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First pregnancy, week #5, blood string in discharge, a little diarrhea in the morning, what is going on?


Posted by gli17

I am 26 years old, good health, first pregnancy and clueless! I should be on week #5 (3 weeks after conception), and ever since week #2, I have had diarrhea in the morning, just once in the morning and gone. I am not sure if that is normal. I heard most people get constipation??? I am eating normal healthy, completely cooked food like usual!

Also, what is concerning me more is seeing a tiny bit of pink string of blood today and a week ago, just a tiny bit. I get that during ovulation too, but now that I am pregnant, is this normal? I called the doctor already but they won't see me until week 8! I am scared and confused. Please help!

 
Answers (4)
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hey, im at about 4 weeks pregnant and ivw had got a light bleeding but only when i wipe! and i found i had some red clots, is this normal is it just the baby implanting itself? please help me! thanks
Hello, I had my period may 11th, my partner and i had sex on may 30th. It is now june 4th and i have a little brown dischrge is this a sign of implantation or should i worry. i never get this before my period. please help. thank you Ak

Hi Sharon, thank you soooooo much, that was so helpful!!  I feel so much better! 

The doctor ended up calling me asking me to do a hcg level test today and again on Friday, to see if the level is increasing normally.  My fingers and toes are crossed.  Will let you know how it goes!!

Congrats on your pregnancy! First, your diarrhea maybe your personal form of morning sickness. Continue drinking lots of fluids and hopefully it will end soon. As for the bleeding, please read the article below. If you have cramping or any other alarming symptoms. I would insist on an appointment with your OB! All my best!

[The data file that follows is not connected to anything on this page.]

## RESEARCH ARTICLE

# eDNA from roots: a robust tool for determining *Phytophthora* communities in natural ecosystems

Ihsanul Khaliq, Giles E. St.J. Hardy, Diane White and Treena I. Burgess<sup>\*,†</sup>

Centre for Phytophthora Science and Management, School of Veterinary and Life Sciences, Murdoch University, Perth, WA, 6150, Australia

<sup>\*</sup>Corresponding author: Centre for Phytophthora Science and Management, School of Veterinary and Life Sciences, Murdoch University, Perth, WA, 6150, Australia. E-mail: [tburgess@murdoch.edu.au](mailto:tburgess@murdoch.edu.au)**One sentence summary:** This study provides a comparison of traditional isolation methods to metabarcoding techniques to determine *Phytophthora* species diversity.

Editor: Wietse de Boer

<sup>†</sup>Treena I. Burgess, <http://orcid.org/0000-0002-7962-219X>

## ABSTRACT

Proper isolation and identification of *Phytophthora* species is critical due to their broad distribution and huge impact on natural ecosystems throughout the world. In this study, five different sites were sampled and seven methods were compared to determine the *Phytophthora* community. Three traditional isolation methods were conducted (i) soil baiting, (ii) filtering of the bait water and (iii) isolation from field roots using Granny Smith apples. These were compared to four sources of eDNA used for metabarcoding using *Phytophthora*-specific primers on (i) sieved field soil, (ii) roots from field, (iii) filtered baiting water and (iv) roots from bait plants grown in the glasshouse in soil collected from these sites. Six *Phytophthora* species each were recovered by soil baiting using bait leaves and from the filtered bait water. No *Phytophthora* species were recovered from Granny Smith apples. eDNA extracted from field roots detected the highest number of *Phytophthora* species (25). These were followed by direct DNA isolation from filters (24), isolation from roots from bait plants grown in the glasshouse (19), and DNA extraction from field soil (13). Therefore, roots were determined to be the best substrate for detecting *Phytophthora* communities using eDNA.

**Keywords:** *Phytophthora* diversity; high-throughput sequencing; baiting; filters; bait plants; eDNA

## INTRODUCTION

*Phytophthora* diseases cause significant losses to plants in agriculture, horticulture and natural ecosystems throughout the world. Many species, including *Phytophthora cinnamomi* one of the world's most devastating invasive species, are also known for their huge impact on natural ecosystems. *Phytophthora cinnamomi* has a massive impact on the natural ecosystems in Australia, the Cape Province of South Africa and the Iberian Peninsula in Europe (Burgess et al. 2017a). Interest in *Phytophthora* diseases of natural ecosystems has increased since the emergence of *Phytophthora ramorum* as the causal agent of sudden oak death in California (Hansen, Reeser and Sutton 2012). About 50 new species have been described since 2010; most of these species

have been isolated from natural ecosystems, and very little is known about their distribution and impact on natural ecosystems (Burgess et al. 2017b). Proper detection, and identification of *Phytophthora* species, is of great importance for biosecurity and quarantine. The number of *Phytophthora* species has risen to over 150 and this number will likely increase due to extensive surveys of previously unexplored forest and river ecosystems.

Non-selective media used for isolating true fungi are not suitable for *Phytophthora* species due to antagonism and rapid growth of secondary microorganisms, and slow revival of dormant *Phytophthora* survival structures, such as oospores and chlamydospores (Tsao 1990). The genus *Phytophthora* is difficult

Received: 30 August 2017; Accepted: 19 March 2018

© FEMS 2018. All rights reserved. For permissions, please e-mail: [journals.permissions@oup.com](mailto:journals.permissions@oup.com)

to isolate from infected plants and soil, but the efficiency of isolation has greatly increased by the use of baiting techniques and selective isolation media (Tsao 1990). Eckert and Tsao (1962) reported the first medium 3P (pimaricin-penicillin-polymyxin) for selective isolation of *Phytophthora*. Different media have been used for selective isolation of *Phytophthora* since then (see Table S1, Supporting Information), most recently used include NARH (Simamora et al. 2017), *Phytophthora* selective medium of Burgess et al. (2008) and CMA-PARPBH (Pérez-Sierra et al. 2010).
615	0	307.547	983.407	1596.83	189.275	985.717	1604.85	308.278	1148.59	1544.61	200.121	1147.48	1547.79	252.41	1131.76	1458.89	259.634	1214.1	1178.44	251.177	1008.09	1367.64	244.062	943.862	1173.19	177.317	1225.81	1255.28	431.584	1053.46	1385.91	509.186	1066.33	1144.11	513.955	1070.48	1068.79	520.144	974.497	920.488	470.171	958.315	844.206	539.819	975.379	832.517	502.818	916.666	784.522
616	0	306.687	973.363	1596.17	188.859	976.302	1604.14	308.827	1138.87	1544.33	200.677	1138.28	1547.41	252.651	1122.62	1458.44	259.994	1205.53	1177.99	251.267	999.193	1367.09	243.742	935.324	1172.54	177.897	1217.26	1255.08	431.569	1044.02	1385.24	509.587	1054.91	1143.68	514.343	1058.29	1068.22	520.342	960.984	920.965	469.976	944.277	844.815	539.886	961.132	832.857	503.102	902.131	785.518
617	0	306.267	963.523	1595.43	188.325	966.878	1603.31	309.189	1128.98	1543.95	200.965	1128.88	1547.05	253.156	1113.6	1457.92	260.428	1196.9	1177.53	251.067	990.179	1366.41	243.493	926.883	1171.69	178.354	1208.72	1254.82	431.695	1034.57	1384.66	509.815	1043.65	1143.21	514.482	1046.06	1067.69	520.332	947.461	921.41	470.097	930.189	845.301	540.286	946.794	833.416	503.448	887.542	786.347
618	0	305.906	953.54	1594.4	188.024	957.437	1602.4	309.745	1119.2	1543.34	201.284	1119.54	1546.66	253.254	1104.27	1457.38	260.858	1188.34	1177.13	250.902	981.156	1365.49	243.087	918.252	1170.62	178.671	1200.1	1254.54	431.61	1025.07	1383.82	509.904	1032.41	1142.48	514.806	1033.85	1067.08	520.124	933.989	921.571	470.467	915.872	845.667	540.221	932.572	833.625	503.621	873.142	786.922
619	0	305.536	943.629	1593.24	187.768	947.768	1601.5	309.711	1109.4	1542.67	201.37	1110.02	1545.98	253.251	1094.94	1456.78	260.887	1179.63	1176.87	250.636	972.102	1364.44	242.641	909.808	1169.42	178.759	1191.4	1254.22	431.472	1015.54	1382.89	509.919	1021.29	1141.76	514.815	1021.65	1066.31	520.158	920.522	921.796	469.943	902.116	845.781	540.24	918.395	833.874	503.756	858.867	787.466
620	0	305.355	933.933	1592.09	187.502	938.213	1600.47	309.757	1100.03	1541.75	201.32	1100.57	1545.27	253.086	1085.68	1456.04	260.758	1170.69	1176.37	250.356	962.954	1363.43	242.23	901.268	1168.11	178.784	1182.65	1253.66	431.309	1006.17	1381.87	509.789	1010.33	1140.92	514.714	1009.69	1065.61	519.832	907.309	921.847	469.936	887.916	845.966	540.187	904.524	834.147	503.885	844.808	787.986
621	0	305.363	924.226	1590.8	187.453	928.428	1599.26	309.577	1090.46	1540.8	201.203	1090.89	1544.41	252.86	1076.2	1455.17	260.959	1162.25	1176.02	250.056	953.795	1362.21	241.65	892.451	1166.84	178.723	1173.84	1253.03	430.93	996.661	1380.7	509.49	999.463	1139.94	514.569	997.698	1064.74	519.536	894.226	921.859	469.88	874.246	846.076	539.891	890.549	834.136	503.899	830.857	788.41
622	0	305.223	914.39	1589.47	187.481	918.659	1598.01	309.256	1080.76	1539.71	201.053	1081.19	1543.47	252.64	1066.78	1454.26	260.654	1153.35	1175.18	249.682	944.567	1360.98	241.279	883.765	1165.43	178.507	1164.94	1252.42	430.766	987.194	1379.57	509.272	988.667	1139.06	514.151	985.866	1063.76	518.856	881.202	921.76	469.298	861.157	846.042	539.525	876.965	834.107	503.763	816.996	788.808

Subchorionic Bleeding

Sometimes, blood clots form within the layers of the placenta. But more often than not, they heal themselves.
What it is: Also called subchorionic hematoma, subchorionic bleeding is the accumulation of blood within the folds of the chorion (the outer fetal membrane, next to the placenta) or within the layers of the placenta itself. These bleeds, or clots, can cause the placenta to separate from the uterine wall if they get too large, if they develop in a bad spot, or if they aren’t eventually reabsorbed.
 
How common is it? A good 20 percent of pregnant women will experience some kind of bleeding early in pregnancy, though it’s often hard to tell what’s causing the problem. Subchorionic hematomas are even harder to pick up because they don’t always result in noticeable spotting or bleeding, especially when they’re small.
 
Who is most at risk? There don’t seem to be any specific risk factors for developing a subchorionic hematoma in the first place, but if you do wind up with one, there are factors that can make you more — or less — likely to have a positive outcome.
 
What are the symptoms? Spotting or bleeding may be a sign, often beginning in the first trimester. But many subchorionic bleeds are detected during a routine ultrasound, without there being any noticeable signs or symptoms. 
 
Should you be concerned? You wouldn’t be normal if you didn’t worry when you see blood, no matter when it occurs in your pregnancy. And that’s actually a good thing, especially if it prompts you to get in touch with your practitioner, who can make sure there’s nothing amiss. While most subchorionic hematomas dissolve on their own, it is possible for the clot to get in between the placenta and the uterine wall, resulting in miscarriage.
 
Here’s the encouraging news: More than half of women who bleed during their first trimester go on to have perfectly healthy pregnancies. But because subchorionic hematomas have been linked to increased risk of placental abruption and preterm labor, you don’t want to ignore signs of spotting or bleeding.
 
What you should do: Call your practitioner; an ultrasound may be ordered to see whether there is indeed a hematoma, how large it is, and where it’s located. Depending on the findings, as well as on your practitioner’s preferences, he or she may put you on strict bed rest, insist you refrain from lifting heavy objects, and avoid exercise. In most cases, you’ll be asked to avoid sexual intercourse until the hematoma dissolves and disappears.

 

NOTICE: The information provided on this site is not a substitute for professional medical advice, diagnosis, or treatment. Never delay or disregard seeking professional medical advice from your physician or other qualified health provider because of something you have read on Wellsphere. If you have a medical emergency, call your doctor or 911 immediately.
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